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in 1847, and now has 24,000 population. The cityhas 3,000 inhabitants, is built on both sides of theMaquoketa river, and on the edge of the largestbody of timber there is in the State of Iowa (hencethey call this the timber city.) Before the rail-road was built here, steamers ran from the Missis-sippi river to this point. The city is picturesquelylocated on high bluffs, and has fine, wide, wellpaved streets. Considerable manufacturing is car-ried on in the lines of furniture, agricultural imple-ments, and other articles, in which wood is largelyused. The city has one school house that cost,000, and several cheaper ones, six hotels, a finecounty court house, four flour mills, two woolenmills, a tannery, three banks, four churches, and alarge number of fine business houses. Two medici-nal springs within the city limits have large localrepute. Two miles off is an Indian burial ground.The business of this city for 1875 showed overthirty-three per cent, increase over 1874. Nashville, 18

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Image from page 495 of “History of Nebraska from the earliest explorations of the trans-Mississippi region” (1918)
Chicago
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Identifier: historyofnebrask00mort
Title: History of Nebraska from the earliest explorations of the trans-Mississippi region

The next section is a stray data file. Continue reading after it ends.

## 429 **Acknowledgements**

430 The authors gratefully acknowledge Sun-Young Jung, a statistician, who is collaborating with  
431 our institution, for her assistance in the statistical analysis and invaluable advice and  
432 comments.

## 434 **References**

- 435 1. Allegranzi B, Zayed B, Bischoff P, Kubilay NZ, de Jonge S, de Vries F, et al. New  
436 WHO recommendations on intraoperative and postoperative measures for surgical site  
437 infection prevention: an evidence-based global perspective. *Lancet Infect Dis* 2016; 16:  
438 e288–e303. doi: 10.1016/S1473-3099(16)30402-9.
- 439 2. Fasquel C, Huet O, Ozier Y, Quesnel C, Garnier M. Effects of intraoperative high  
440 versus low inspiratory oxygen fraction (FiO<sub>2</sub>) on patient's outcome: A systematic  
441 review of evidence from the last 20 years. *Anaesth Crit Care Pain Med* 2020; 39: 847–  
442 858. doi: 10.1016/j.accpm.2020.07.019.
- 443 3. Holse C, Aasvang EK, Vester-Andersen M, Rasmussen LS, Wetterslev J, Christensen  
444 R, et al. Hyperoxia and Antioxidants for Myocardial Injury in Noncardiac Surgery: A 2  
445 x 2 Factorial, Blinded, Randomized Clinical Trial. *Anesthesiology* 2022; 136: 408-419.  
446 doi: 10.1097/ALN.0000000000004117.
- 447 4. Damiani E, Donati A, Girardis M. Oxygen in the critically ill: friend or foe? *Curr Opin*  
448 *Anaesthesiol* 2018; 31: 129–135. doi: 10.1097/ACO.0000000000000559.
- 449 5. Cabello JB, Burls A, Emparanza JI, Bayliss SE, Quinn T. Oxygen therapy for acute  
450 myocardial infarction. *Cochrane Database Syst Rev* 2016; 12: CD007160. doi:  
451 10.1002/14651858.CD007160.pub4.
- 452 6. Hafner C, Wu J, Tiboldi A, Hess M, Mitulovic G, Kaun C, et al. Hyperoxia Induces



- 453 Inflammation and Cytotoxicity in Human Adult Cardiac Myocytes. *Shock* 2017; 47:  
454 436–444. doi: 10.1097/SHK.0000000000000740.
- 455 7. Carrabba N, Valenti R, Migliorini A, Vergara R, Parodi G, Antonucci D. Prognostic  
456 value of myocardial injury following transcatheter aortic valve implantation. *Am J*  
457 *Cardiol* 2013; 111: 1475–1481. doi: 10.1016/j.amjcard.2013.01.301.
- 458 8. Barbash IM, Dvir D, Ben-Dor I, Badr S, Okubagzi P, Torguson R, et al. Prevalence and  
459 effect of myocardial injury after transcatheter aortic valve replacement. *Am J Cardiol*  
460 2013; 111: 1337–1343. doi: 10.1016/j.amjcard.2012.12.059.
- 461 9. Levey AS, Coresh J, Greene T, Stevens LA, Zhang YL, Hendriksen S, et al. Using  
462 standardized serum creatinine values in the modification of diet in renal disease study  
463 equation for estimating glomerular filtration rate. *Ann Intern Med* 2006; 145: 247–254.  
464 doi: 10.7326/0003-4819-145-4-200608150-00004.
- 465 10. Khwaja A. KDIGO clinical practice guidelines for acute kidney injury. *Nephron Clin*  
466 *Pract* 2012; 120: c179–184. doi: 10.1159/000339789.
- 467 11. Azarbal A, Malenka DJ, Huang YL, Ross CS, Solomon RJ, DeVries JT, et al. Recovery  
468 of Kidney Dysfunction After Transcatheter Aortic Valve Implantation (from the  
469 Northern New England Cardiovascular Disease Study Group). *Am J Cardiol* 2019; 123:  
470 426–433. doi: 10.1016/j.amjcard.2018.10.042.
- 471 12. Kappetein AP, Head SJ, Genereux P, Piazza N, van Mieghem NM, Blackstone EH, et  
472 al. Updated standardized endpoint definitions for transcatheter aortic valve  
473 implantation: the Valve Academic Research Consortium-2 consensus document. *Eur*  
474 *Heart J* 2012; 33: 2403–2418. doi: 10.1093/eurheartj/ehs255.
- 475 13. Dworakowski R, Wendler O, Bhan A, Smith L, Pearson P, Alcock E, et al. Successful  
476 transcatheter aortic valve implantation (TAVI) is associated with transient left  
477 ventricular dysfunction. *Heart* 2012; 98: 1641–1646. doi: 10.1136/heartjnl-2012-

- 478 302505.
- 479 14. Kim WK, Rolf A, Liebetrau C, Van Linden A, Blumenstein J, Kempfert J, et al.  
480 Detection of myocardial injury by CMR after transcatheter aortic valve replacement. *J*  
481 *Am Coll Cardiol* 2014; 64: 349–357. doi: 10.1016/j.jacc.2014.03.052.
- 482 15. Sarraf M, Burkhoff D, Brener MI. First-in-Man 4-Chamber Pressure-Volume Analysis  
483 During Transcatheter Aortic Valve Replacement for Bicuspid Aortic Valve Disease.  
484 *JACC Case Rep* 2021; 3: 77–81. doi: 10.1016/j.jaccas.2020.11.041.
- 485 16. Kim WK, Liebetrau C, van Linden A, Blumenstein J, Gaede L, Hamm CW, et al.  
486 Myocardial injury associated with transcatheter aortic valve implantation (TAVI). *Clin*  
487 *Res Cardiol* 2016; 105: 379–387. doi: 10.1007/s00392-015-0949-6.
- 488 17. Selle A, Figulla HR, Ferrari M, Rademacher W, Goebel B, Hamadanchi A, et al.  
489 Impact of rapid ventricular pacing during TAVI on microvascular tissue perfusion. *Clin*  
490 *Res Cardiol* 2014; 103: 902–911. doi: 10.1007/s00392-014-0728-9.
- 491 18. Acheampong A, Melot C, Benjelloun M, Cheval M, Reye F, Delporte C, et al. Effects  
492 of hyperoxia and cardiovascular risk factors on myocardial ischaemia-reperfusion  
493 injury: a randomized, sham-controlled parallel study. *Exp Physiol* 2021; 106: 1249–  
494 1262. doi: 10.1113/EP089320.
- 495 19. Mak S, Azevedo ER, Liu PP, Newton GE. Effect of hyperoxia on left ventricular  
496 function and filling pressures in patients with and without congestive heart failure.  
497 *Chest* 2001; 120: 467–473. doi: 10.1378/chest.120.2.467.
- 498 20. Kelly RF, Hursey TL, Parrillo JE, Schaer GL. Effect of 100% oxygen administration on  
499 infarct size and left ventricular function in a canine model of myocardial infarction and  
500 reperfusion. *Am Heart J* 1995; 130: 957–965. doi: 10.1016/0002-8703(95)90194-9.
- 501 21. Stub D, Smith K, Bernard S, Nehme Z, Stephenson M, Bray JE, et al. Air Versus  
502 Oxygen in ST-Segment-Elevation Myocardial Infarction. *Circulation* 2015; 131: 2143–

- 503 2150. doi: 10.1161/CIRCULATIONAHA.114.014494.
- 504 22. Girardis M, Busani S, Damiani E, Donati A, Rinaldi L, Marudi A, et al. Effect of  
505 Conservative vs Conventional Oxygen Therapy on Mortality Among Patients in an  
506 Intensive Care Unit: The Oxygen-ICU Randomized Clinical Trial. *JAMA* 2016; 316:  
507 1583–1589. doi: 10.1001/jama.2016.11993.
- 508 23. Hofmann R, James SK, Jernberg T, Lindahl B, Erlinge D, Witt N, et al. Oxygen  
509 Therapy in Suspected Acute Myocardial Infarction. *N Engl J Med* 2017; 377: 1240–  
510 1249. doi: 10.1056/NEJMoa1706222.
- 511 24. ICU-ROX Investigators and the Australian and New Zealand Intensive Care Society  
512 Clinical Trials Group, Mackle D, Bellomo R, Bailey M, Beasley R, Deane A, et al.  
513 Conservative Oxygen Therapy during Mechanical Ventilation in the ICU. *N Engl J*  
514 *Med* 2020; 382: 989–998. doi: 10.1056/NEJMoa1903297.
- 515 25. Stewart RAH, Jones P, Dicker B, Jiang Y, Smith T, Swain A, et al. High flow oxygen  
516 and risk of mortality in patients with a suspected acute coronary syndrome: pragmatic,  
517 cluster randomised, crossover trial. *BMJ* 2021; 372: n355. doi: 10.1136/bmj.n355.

Year: 1918 (1910s)
Authors: Morton, J. Sterling (Julius Sterling), 1832-1902 Watkins, Albert, 1848-1923 Thomas, Augustus Orloff, 1863-1935 Beattie, James A., 1845- Wakeley, Arthur Cooper, 1855-
Subjects: Nebraska — History
Publisher: Lincoln, Neb., Western Publishing and Engraving Company

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to the southern route was demoral-ized where it was not devastated by warthe other hand, the great natural I Matte riverroute was in direct line westward with the rial tier of states of which Chicago hadalready become the commercial entrepot, and at least four trunk lines of railway from thatgreat central point would naturally reach the 47. HISTORY OF NEBRASKA Missouri river north of the line between Iowaand Missouri and within reach of the in-fluence of the Platte route magnet. The actof 1864 provided that any company having aline reaching Sioux City from the east mightbuild the Sioux City & Pacific branch. Inorder to avail themselves of lands then morevaluable than those lying across the Missouri,the builders, John I. Blair and Oakes Ames,kept the road on the Iowa side to a point op-posite Blair, and then made the connection atFremont. This branch was never a part ofthe Union Pacific system, and in 1884 it fellinto the control of the Chicago & Northwes-tern railroad company.